If the home is located far from job centres, for example, the additional costs and time necessary for commuting may have a negative impact on the household's overall financial stability and wellbeing, even if the property meets the 30 per cent criterion. Housing affordability has an impact on broader economic processes as well. Overspending on housing can increase debt loads, lower disposable income, and restrict consumer spending. Every facet of the economy can be affected – from labour productivity to family instability.

The goal of affordable housing is to ensure that those with lower incomes can live in a secure, appropriately priced and safe environment. Supporting disadvantaged populations that are unable to participate in the private rental or homeownership markets is the main focus. Public housing, non-profit social housing, and subsidised rental buildings are common examples, aimed at keeping expenses within the budgets of lower-income households.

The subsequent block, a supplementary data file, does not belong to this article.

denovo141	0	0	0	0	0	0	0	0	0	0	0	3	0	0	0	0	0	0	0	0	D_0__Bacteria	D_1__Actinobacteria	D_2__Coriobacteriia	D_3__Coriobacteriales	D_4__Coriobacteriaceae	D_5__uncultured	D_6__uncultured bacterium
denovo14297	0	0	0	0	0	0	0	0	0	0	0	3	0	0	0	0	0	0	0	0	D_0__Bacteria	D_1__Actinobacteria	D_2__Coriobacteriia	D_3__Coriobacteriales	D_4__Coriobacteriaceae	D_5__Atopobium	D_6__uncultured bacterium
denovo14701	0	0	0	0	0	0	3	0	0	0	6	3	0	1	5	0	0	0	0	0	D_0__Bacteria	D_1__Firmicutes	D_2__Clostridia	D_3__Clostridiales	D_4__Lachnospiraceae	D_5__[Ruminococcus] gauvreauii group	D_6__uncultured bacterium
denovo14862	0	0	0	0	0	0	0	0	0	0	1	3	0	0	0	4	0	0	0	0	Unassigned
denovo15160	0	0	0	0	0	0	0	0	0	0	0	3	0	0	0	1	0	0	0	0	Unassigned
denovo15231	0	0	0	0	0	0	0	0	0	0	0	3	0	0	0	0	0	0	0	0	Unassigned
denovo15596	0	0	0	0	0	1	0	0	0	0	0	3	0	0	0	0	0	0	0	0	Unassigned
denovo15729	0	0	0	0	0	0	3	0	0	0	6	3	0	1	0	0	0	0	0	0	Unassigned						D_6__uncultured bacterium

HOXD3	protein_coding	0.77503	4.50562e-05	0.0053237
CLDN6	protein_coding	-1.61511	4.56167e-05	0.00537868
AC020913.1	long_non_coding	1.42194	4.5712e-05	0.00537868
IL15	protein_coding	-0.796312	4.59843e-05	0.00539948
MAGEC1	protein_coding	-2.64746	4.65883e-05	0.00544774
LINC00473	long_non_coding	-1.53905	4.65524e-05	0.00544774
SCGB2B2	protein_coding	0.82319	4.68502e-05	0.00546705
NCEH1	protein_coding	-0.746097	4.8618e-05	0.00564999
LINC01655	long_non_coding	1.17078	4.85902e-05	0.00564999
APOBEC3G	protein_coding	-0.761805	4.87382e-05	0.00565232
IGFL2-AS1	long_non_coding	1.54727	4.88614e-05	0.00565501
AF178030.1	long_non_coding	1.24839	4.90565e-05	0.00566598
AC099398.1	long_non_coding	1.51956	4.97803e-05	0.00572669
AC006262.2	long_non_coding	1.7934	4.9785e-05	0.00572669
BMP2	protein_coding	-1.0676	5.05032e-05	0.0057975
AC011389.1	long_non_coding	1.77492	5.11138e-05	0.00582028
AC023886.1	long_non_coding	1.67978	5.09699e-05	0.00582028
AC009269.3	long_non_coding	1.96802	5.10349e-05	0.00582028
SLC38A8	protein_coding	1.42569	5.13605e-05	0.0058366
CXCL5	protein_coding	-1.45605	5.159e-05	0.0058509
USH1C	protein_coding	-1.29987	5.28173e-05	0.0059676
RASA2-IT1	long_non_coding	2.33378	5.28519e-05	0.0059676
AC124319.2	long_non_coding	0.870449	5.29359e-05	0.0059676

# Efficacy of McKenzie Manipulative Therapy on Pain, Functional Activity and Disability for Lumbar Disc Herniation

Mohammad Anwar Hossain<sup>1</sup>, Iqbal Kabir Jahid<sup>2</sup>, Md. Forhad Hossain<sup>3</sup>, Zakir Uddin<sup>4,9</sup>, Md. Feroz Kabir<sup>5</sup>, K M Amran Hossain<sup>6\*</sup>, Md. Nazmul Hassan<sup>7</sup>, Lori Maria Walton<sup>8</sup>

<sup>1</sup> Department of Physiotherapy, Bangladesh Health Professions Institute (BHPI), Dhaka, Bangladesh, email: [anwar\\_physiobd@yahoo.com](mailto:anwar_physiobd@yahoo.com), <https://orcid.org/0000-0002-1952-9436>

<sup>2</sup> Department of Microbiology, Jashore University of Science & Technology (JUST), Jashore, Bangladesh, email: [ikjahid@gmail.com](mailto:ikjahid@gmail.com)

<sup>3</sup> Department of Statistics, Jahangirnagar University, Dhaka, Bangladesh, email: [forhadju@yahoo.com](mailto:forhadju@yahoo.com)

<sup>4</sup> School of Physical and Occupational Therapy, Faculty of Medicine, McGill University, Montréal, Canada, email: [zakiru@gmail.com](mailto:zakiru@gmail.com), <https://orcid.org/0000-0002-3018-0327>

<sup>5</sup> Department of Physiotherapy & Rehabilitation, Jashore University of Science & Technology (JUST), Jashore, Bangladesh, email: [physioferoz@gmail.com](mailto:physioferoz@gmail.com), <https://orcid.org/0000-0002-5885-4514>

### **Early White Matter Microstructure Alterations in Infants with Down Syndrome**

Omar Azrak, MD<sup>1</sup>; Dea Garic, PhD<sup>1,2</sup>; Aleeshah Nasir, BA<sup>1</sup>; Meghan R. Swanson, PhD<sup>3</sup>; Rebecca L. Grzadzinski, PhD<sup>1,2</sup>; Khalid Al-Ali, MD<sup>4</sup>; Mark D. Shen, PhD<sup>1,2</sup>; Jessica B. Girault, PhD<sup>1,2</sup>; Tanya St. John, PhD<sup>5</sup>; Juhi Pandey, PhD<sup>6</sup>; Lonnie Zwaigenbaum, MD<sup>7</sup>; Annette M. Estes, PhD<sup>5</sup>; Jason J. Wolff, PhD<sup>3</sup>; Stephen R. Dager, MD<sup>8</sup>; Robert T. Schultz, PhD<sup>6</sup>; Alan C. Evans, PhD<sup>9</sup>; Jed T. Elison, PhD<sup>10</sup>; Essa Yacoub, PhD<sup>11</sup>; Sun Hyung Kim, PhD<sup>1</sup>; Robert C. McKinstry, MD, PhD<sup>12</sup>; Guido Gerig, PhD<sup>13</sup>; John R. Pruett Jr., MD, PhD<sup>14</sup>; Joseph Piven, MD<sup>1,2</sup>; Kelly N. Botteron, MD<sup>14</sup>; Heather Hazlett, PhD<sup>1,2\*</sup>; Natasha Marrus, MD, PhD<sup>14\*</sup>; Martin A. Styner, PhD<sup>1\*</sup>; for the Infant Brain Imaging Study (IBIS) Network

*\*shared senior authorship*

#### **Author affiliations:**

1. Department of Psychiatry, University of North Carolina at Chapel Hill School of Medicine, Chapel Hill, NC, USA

In Australia, initiatives for affordable housing often target families making less than 80 per cent of the median income, ensuring that mortgages or rent are set at a level that this group can afford over the long run. The National Rental Affordability Scheme (NRAS) and social housing projects, for instance, aim to enhance the availability of reasonably priced rental apartments for those with low to moderate incomes. These programs lessen homelessness and renting stress among the most vulnerable.

Why are these different definitions important?

Both housing affordability and affordable housing are part of Australia's current crisis. Individuals who cannot afford market-rate housing without financial aid are the emphasis of affordable housing. Meanwhile, housing affordability impacts a broader variety of income levels, specifically middle-income workers.